N95 mask shortage: Why donations won’t help every health care worker

For health care workers, the N95 mask is an invaluable line of defense against the novel coronavirus. These highly protective respirators can keep doctors and nurses from getting infected by patients, but the world is quickly running out of them. While countries around the world scramble to find stockpiles of N95s and manufacture more of the much-coveted masks, it’s unclear how this shortage will resolve itself.


The situation in the United States is increasingly dire. On April 2, President Trump invoked the Defense Production Act (DPA) to compel 3M, one of the only companies that manufacturers N95 masks in the US, to ramp up production. Many, including Democratic presidential primary candidates Joe Biden and Bernie Sanders, had pushed the White House to use the DPA more aggressively to deal with medical supplies shortages. The president later said in a tweet that 3M “will have a big price to pay” for exporting masks.

3M pushed back against Trump’s threats. In a Friday statement, the company emphasized that it had gained approval to import 10 million masks from its facilities in China. 3M also warned about the White House’s request to end its exports of N95 respirators, citing “humanitarian implications of ceasing respirator supplies to health care workers in Canada and Latin America.” If other countries retaliated by not sharing supplies, 3M argued, the US could soon end up with fewer masks than it had before the DPA order.

Despite global production ramping up, the US shortage of N95 masks is so great that companies, unions, and even average people have been scrambling to fill the need by searching for stockpiles of existing masks and seeking out alternative suppliers. Another problem is that many of these respirators, including those made by 3M, are ending up in a somewhat lawless gray market, where they’re subject to hoarding and price-gouging. Accordingly, federal authorities are hard at work tracking down stashes of this desperately needed personal protective equipment and redistributing what they find to health care worker.

In another move to increase the supply of respirators, the Food and Drug Administration has also lifted restrictions on importing KN95 masks, which are similar — though not identical — to N95 masks, and are certified by China, according to BuzzFeed.

In New York, now the epicenter of Covid-19 cases in the US, Gov. Andrew Cuomo has called for New York and American companies to transition to making N95 masks, among other medical supplies, if they’re able.

“It is unbelievable to me that in New York State, in the United States of America, we can’t make these materials, and that we are all shopping China to try to get these materials, and we’re all competing against each other,” he said during a Friday press conference. Referring to an N95 mask, he said: “It can’t be that we can’t make these.”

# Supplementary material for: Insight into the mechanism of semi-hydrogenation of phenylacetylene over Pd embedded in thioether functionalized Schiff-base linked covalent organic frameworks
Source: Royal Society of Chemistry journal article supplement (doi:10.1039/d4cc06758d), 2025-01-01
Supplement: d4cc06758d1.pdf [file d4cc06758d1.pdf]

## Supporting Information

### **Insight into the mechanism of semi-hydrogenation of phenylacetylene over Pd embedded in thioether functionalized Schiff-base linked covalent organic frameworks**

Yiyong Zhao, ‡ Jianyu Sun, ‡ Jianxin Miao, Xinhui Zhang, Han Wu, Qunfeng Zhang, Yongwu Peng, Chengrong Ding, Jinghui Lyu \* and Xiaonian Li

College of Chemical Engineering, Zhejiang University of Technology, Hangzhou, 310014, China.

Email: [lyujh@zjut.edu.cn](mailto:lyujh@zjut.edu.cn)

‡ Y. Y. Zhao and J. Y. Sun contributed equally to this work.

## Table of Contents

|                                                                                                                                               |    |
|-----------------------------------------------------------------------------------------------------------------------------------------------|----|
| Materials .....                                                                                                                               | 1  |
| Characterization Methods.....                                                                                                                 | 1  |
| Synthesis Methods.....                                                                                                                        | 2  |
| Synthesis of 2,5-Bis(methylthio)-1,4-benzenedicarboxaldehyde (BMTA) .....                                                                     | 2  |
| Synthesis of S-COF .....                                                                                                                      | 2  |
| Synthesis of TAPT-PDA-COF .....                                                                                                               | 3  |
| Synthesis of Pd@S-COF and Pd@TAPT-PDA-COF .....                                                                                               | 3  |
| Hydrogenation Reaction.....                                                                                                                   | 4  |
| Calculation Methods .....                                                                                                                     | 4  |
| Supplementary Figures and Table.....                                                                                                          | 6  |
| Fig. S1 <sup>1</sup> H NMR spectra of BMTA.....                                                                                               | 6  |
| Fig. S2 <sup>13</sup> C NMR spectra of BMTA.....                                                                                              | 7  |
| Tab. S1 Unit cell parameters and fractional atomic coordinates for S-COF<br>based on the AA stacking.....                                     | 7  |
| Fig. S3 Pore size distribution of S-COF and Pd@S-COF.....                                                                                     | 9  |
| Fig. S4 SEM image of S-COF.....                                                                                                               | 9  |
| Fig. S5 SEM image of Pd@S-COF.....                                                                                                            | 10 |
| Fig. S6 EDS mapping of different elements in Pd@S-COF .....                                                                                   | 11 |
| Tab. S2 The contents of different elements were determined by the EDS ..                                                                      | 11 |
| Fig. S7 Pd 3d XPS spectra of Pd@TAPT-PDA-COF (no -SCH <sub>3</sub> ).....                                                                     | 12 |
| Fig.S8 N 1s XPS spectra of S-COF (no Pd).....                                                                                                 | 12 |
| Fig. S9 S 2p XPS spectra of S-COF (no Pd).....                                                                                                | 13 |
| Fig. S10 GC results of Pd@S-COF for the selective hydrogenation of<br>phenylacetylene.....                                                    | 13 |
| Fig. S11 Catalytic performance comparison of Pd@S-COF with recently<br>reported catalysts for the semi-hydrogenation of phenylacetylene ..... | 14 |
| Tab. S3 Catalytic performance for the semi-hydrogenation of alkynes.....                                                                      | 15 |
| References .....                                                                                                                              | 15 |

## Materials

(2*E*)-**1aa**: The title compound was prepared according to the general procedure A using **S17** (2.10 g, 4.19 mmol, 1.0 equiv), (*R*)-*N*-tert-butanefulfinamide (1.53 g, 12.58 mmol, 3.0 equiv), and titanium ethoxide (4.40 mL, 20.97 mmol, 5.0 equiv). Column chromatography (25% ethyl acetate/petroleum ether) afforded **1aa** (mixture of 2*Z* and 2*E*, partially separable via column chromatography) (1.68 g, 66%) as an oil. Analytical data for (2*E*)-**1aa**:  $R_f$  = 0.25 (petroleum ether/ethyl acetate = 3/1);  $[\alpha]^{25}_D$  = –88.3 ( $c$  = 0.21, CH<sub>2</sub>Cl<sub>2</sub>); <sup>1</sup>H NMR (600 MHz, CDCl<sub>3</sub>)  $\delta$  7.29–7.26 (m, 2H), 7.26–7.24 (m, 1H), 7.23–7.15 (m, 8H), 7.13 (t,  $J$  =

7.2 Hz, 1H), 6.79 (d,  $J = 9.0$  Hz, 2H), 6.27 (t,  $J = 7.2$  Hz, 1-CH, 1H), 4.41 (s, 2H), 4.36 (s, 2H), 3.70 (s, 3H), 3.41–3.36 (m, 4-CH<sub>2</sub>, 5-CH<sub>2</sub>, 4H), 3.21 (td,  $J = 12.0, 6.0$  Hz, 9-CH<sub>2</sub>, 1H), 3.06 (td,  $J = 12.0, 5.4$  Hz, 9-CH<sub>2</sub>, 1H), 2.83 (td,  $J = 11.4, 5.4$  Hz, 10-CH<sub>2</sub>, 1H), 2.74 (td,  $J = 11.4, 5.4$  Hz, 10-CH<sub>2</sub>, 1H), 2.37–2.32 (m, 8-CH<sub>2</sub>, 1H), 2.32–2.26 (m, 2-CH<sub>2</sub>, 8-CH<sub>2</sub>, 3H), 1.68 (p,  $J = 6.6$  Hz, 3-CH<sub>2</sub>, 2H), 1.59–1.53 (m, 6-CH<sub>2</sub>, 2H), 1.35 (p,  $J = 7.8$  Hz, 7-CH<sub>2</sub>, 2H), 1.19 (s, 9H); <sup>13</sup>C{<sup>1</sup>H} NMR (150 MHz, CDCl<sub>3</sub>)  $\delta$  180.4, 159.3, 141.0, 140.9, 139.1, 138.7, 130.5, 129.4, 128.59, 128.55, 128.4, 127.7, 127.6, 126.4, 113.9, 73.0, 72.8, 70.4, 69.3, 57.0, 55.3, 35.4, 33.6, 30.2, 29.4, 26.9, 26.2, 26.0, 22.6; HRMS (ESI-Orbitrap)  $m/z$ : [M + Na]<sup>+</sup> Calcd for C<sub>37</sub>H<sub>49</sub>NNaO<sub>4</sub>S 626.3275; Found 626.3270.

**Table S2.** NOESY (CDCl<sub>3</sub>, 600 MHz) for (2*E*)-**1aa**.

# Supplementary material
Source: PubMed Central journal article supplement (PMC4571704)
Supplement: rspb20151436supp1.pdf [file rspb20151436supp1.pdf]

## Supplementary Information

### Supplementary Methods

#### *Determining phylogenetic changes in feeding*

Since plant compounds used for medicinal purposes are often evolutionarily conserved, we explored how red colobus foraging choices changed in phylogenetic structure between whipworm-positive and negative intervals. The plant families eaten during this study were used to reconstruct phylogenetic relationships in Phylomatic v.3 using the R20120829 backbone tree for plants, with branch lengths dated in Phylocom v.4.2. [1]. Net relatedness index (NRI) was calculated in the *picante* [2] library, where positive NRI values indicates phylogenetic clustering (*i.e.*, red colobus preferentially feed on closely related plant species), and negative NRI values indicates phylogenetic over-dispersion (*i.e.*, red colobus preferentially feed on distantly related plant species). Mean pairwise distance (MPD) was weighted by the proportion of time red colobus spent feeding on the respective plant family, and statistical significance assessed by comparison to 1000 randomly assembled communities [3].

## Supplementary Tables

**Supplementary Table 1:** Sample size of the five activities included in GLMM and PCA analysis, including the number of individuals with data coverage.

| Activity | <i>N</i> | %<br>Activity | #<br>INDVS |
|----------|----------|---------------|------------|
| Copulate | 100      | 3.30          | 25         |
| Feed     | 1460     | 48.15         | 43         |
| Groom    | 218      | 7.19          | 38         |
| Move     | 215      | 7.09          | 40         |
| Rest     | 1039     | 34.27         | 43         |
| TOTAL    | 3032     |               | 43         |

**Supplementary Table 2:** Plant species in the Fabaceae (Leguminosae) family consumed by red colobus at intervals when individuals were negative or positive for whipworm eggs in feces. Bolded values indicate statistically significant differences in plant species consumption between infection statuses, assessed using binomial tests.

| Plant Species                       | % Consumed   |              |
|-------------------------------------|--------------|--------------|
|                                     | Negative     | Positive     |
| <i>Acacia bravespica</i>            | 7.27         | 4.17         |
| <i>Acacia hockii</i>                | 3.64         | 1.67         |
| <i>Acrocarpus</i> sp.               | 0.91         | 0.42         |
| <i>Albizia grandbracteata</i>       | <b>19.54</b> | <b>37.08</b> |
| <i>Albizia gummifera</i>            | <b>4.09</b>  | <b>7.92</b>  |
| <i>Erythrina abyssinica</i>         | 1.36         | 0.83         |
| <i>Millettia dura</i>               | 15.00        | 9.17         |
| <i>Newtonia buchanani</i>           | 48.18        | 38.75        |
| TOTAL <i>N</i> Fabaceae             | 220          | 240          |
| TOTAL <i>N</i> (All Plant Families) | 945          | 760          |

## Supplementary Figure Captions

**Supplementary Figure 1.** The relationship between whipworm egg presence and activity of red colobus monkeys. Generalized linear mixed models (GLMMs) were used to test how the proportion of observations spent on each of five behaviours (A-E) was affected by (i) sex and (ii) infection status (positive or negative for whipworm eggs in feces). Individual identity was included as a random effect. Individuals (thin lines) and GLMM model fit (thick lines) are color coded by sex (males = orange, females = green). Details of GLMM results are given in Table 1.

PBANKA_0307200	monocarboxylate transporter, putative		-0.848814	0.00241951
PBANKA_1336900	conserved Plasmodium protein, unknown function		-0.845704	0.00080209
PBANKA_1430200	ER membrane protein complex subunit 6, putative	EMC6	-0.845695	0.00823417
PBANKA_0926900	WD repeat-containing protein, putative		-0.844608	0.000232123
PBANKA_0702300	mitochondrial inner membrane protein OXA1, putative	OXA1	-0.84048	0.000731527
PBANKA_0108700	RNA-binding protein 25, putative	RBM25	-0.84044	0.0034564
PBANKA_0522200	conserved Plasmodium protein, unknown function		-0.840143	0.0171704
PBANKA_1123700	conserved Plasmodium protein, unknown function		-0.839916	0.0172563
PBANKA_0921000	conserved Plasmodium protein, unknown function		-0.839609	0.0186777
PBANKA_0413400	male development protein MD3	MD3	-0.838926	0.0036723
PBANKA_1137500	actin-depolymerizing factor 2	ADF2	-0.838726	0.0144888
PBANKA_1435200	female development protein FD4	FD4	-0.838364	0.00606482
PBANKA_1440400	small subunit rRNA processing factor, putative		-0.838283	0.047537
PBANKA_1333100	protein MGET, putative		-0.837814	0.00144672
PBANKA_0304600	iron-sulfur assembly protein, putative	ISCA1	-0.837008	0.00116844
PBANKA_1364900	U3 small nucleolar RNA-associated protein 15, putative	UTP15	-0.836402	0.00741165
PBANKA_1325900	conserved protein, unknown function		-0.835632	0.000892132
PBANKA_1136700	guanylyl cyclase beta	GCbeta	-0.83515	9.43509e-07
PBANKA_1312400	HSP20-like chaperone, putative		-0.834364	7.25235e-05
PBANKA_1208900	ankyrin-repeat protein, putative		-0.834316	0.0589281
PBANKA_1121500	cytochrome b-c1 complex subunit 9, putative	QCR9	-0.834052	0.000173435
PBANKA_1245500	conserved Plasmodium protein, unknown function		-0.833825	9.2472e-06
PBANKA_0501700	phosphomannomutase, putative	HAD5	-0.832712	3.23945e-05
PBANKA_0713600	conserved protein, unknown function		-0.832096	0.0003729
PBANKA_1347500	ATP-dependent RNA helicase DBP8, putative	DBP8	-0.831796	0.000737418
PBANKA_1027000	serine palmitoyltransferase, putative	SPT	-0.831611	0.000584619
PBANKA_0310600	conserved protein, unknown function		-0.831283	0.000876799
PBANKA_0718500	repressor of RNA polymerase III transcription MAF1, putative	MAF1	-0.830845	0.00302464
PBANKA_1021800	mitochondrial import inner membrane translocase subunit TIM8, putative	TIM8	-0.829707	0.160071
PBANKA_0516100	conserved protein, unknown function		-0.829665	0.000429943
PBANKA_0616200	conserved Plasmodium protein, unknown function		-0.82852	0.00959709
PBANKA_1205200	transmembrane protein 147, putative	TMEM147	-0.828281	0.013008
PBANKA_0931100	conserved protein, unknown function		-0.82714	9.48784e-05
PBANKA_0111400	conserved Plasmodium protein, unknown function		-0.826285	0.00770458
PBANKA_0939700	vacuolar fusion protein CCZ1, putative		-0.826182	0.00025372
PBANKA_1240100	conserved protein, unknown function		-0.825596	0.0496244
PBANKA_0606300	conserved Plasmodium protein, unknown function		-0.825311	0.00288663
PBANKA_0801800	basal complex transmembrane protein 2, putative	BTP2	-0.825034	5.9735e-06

So while discoveries of hundreds of thousands — and even millions — of masks might sound like good news, the everlasting shortage also draws attention to a supply chain that’s been riddled with mismanagement and misinformation. The situation also raises the question of why companies, unions, and average people have taken it upon themselves to find masks for health care workers, as well as why the federal government didn’t do more sooner to get masks into the hands of people who need them most.

Certified N95 respirators are special. Unlike a conventional surgical mask, N95 masks are built so that 95 percent of very small airborne particles can’t get through. These masks also need to be approved by the CDC’s National Institute for Occupational Safety and Health and, depending on the type, the Food and Drug Administration. In order to fulfill those requirements, N95 masks must be constructed so that they seal tightly around one’s mouth and nose, unlike surgical or cloth masks which are loose-fitting.

The United States is now confronted with a shortage of N95 masks for a number of reasons. The masks themselves are difficult to make, in part because they require specialized equipment to meet stringent regulatory standards. Many of the companies that can make the masks are also in China. That supply chain wasn’t prepared for a pandemic, especially one that originated in the same country where many of these masks are produced. And as the novel coronavirus spread throughout China, the country’s government bought its domestically produced masks, ensuring they weren’t exported. That’s made the gap between supply and demand in the US much larger.

In the absence of a pandemic, the US has typically not produced enough of these N95 masks to meet the needs of its own workers. 3M and Prestige Ameritech are the two primary companies that do end-to-end production of medical-grade N95 masks in the US, and both are both ramping up production. Another American company, Honeywell, recently started producing N95 masks at its Rhode Island and Phoenix facilities. Still, these three companies won’t solve our mask shortage.

Now that China appears to have slowed its own Covid-19 outbreak, overseas shipments of protective equipment are starting up again. Even if China exported the same number of masks that it did before the novel coronavirus outbreak, the US would still need a lot more since it’s now combating the highest number of confirmed cases of any country in the world. The US is also competing with many other countries eager to get hold of more N95 masks.

So front-line health care workers are sounding the alarm that there simply aren’t enough N95 face masks to keep themselves and their patients safe. A March survey conducted by the health care company Premier found that a shortage of N95 masks was hospitals’ top concern, and that many hospitals had less than 10 days’ worth of supplies. Facing limited supply, nurses have been forced to reuse masks and are turning to cloth and conventional surgical masks, which are not as protective.